If the AAA adopted a boycott resolution, it would impose requirements on the association, but not on individuals. In their professional engagements members of the AAA would be free, as in all matters, to follow their conscience. The AAA recommends ethical practices, but does not adjudicate these matters. Boycott would be no different. For the association, its commitment would likely be to refuse in its official capacity to enter into formal collaborations with Israeli academic institutions, or with scholars who are expressly serving as representatives of those institutions or on behalf of the Israeli government, until Israel ceases to violate human rights and international law. By supporting a boycott, AAA members would put the power of our collective voice behind our commitment to justice.
Members of the AAA might expect Israeli universities to be vocal in their condemnation of violations of Palestinian rights, including to academic freedom. They are not. In fact, not a single Israeli university has ever spoken out against or condemned the occupation. Nor has the Israeli Anthropological Association. In the latest assault on Gaza, the Israeli government bombed 141 schools and utterly destroyed the Islamic U of Gaza. In the summer of 2014 alone, Israeli forces raided Al Quds U in Jerusalem, the Arab American U in Jenin, and Birzeit U near Ramallah—yet again. Since 2000, 185 schools have been shelled and scores of teachers and students have been shot at and arrested. Israeli universities did not speak out against these assaults.
Israel’s academic institutions are directly and materially involved in the occupation. Virtually all Israeli universities are involved in defense-related research with the Ministry of Defense. Ben Gurion U, Hebrew U, Tel Aviv U and Haifa U all made explicit statements of support for the summer 2014 assault on Gaza, including providing financial benefits to soldiers. Universities have been part of the colonization of Palestinian territory: part of Hebrew U’s campus is built on confiscated Palestinian land; Ariel U, the most recently accredited Israeli university, is located in a West Bank settlement.
Israeli universities also discriminate against Palestinians with Israeli citizenship. Some 20% of Israeli citizens are Palestinian, yet they make up only a tiny percentage of university faculty; these scholars face barriers to promotion, especially if they are known as critics of the government. Palestinian students in Israeli universities have less access than their Jewish counterparts to scholarships and campus housing, as a result of privileges offered to those who serve in the military. Their freedom of political and cultural expression is regularly curtailed. Israeli Jewish faculty members openly critical of state policies are also marginalized and threatened.
No Israeli university has spoken out in support of Palestinians’ right to education and academic freedom. Neither has the Israeli Anthropological Association. While Israeli scholars will certainly be inconvenienced by this boycott, through its restrictions on movement and repeated targeting of Palestinian universities the Israeli government has forced Palestinians to make a Herculean effort to pursue the right to education, let alone the right to academic freedom. The Israeli government also makes it extremely difficult for Palestinian scholars to travel abroad (since it holds the power to issue travel permits), for foreign scholars to teach in Palestinian universities, and for international students to study in Palestinian universities.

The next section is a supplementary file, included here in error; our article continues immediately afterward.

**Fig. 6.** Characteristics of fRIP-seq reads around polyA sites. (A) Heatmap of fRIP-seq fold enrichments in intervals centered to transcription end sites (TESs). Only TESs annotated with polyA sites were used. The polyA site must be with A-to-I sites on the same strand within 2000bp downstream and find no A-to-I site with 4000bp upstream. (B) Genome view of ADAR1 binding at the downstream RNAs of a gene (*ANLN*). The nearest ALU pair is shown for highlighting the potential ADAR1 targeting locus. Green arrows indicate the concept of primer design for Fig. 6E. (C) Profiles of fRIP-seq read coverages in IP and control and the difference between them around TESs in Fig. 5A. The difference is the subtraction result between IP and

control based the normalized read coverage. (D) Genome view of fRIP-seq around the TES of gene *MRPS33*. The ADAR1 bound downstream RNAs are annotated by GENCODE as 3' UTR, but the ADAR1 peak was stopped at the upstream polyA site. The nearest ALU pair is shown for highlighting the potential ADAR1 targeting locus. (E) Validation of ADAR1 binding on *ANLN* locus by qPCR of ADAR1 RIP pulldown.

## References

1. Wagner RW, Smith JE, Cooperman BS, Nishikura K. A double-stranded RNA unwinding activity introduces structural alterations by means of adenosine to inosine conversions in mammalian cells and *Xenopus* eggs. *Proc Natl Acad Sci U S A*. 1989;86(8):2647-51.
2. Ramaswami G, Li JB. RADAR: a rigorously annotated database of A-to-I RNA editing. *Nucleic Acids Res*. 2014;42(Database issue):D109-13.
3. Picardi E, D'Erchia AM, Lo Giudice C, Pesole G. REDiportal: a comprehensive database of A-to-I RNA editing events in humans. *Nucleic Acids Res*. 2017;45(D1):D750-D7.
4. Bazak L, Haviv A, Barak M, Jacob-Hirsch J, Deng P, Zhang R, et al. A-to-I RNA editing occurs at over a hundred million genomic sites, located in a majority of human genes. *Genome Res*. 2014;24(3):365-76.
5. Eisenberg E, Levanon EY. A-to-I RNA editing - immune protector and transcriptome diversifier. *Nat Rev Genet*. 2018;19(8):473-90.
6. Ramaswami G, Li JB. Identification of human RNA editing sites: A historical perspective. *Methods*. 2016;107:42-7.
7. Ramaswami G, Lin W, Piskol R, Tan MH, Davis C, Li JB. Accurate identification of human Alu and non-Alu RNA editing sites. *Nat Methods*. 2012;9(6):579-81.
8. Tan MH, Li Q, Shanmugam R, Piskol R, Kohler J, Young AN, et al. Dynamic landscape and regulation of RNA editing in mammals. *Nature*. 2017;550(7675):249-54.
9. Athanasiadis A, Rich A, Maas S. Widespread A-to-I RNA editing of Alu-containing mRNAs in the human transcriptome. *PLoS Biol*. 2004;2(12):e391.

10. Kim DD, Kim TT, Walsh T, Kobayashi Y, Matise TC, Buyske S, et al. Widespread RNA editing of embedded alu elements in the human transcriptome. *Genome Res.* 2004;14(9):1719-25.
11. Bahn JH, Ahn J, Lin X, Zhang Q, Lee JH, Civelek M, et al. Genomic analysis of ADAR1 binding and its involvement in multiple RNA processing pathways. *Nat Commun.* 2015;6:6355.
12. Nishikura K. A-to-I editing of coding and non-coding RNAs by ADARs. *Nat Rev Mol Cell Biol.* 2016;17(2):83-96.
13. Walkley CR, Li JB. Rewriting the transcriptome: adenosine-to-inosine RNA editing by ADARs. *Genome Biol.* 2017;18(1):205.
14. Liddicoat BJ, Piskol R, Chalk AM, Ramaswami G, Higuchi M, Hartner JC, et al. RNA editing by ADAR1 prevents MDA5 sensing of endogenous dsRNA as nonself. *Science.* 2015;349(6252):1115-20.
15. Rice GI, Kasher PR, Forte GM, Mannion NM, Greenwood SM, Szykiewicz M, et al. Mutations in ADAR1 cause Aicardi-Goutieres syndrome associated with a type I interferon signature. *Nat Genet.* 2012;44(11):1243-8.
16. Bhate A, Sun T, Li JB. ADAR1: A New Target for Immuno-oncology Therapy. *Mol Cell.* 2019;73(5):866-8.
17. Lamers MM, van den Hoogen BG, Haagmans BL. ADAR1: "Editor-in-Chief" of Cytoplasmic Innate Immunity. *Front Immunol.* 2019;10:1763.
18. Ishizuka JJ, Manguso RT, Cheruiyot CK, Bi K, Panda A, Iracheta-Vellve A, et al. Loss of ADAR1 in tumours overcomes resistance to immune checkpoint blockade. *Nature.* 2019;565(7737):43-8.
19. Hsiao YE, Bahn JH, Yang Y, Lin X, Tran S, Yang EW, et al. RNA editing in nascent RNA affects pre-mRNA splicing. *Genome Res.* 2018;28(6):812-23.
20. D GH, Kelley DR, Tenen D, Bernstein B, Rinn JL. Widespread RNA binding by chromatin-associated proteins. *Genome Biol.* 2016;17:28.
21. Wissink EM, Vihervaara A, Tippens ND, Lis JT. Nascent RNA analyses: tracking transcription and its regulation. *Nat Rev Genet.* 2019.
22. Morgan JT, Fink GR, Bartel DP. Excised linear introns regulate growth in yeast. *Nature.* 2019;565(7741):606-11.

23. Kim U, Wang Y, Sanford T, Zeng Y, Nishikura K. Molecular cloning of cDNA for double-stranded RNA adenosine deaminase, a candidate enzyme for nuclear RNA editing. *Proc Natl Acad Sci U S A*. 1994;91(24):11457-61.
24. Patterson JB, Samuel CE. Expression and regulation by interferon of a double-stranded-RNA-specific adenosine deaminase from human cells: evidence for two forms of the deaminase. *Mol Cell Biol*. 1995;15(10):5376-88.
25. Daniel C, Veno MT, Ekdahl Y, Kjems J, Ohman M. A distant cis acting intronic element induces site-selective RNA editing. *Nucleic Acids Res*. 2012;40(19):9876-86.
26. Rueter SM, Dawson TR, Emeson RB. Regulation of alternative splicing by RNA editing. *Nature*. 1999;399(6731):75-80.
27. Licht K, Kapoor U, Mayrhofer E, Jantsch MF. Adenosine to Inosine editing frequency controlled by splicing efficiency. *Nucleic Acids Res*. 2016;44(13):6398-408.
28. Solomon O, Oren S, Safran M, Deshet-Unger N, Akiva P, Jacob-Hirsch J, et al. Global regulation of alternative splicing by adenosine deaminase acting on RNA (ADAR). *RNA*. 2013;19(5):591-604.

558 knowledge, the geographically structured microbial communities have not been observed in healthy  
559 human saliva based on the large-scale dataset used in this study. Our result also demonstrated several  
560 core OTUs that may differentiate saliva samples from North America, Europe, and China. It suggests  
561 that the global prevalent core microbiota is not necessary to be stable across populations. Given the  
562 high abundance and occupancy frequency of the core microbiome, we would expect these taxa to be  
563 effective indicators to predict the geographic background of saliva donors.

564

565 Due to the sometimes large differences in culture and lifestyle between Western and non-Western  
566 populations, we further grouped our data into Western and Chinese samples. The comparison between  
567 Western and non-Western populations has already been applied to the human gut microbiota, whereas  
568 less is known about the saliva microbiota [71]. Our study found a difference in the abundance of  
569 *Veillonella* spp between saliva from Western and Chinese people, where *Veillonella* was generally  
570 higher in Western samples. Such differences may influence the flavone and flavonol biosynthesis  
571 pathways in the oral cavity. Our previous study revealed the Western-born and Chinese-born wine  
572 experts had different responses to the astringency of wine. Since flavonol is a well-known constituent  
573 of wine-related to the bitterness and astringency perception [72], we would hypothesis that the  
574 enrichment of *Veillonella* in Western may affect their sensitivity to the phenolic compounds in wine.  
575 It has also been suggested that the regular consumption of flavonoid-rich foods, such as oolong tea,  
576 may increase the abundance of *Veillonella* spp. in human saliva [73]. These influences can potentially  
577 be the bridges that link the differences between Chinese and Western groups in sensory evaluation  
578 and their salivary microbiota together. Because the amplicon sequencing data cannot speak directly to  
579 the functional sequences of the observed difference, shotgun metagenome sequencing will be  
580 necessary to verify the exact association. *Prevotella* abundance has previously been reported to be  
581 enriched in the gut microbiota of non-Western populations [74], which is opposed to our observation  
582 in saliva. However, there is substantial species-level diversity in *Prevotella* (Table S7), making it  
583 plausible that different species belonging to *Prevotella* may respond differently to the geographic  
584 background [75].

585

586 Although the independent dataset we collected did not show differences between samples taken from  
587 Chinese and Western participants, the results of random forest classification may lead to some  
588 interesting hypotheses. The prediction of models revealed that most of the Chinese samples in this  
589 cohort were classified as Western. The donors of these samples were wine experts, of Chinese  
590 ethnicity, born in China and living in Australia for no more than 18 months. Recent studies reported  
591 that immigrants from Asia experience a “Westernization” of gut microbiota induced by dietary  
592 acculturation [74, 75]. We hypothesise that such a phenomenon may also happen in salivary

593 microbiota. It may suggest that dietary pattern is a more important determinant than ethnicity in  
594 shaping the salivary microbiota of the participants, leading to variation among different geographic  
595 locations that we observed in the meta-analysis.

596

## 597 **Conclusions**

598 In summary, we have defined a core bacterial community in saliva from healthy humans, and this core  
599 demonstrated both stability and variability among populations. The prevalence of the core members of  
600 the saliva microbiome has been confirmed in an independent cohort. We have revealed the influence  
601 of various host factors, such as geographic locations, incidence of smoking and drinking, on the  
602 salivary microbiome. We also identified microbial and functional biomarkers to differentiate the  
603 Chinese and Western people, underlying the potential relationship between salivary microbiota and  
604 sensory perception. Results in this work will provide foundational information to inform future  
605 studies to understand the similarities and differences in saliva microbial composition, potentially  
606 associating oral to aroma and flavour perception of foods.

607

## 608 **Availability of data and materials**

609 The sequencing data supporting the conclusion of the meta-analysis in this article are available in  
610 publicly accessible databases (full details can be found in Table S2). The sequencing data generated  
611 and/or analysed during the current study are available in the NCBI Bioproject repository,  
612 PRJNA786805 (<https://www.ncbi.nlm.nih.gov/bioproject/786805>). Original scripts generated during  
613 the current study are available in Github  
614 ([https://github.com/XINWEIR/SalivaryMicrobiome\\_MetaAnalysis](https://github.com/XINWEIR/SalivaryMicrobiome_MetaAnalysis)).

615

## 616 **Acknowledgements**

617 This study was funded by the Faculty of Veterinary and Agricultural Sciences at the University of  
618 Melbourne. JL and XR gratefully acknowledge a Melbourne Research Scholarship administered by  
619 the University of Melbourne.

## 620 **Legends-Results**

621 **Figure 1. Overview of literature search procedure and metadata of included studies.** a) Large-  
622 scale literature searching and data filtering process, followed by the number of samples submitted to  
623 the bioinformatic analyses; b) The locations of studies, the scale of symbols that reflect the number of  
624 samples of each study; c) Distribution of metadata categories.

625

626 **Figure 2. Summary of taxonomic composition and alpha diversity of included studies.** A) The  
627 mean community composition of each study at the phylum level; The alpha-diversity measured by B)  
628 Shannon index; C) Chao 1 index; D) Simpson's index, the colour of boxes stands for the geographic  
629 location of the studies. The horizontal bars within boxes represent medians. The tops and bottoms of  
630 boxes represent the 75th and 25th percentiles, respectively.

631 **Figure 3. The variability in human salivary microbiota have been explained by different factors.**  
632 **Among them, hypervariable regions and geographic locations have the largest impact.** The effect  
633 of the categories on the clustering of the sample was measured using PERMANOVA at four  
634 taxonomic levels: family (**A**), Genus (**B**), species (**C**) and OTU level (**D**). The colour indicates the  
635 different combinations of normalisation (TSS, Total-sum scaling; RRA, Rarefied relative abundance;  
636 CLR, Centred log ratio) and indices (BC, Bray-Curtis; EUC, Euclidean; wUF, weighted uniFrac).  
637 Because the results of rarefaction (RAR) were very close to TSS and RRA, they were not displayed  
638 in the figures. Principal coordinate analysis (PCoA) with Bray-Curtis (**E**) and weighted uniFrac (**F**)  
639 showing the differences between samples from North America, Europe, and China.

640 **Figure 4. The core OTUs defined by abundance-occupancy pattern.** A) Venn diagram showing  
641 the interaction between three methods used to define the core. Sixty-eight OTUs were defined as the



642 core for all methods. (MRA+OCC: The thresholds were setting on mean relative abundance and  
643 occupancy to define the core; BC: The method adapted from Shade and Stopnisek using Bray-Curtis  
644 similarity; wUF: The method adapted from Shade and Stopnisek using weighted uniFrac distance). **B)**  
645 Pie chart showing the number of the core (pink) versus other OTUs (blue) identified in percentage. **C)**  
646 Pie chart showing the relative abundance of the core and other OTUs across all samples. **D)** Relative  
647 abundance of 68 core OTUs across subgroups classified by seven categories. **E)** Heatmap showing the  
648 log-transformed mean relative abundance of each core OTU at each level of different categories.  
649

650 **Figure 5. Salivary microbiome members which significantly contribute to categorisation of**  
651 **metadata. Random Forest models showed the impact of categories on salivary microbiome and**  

The US government provides enormous sums of money to Israel every year. US citizens are, therefore, not just witnesses to Israeli crimes, but complicit in them. For that reason an association such as the AAA—with American in its name, located in the US, and with a majority of its members US citizens—has particular responsibility to support the boycott. This support is an effective way to speak not only to the Israeli government, but to the US government. It is a crucial way to open up public discourse and to indicate that the US government needs to change its stance. It is about ending the silencing atmosphere in the US academy about the Palestine/Israel conflict as well.
As employees in institutes of higher learning we have a particular interest in and responsibility to respond to the obstacles to the right to higher education that the Israeli state has created for Palestinians both inside Israel and in the occupied territories. As educators we have a responsibility to model forms of horizontal solidarity for our students, showing them that charity is not the only form of engagement they can have with the world. The AAA fosters an engaged anthropology that is committed to supporting social change efforts that arise from the interaction between community goals and anthropological research. It is time for anthropologists to stand up for the Palestinian right to education, social justice and freedom.
Ilana Feldman is associate professor of anthropology, history, and international affairs at George Washington U. Her research on the Palestinian experience, inside and outside of historic Palestine, has focused on bureaucracy, policing, and humanitarianism. She is the author of Governing Gaza: Bureaucracy, Authority, and the Work of Rule, 1917-67.
Lisa Rofel is professor of anthropology and director of the Center for the Study of Emerging Worlds at U of California, Santa Cruz. Her research and recent interests include transnational capitalism, postcoloniality, comparative settler colonialisms, and imperial entanglements.
Posted on 05-11-2014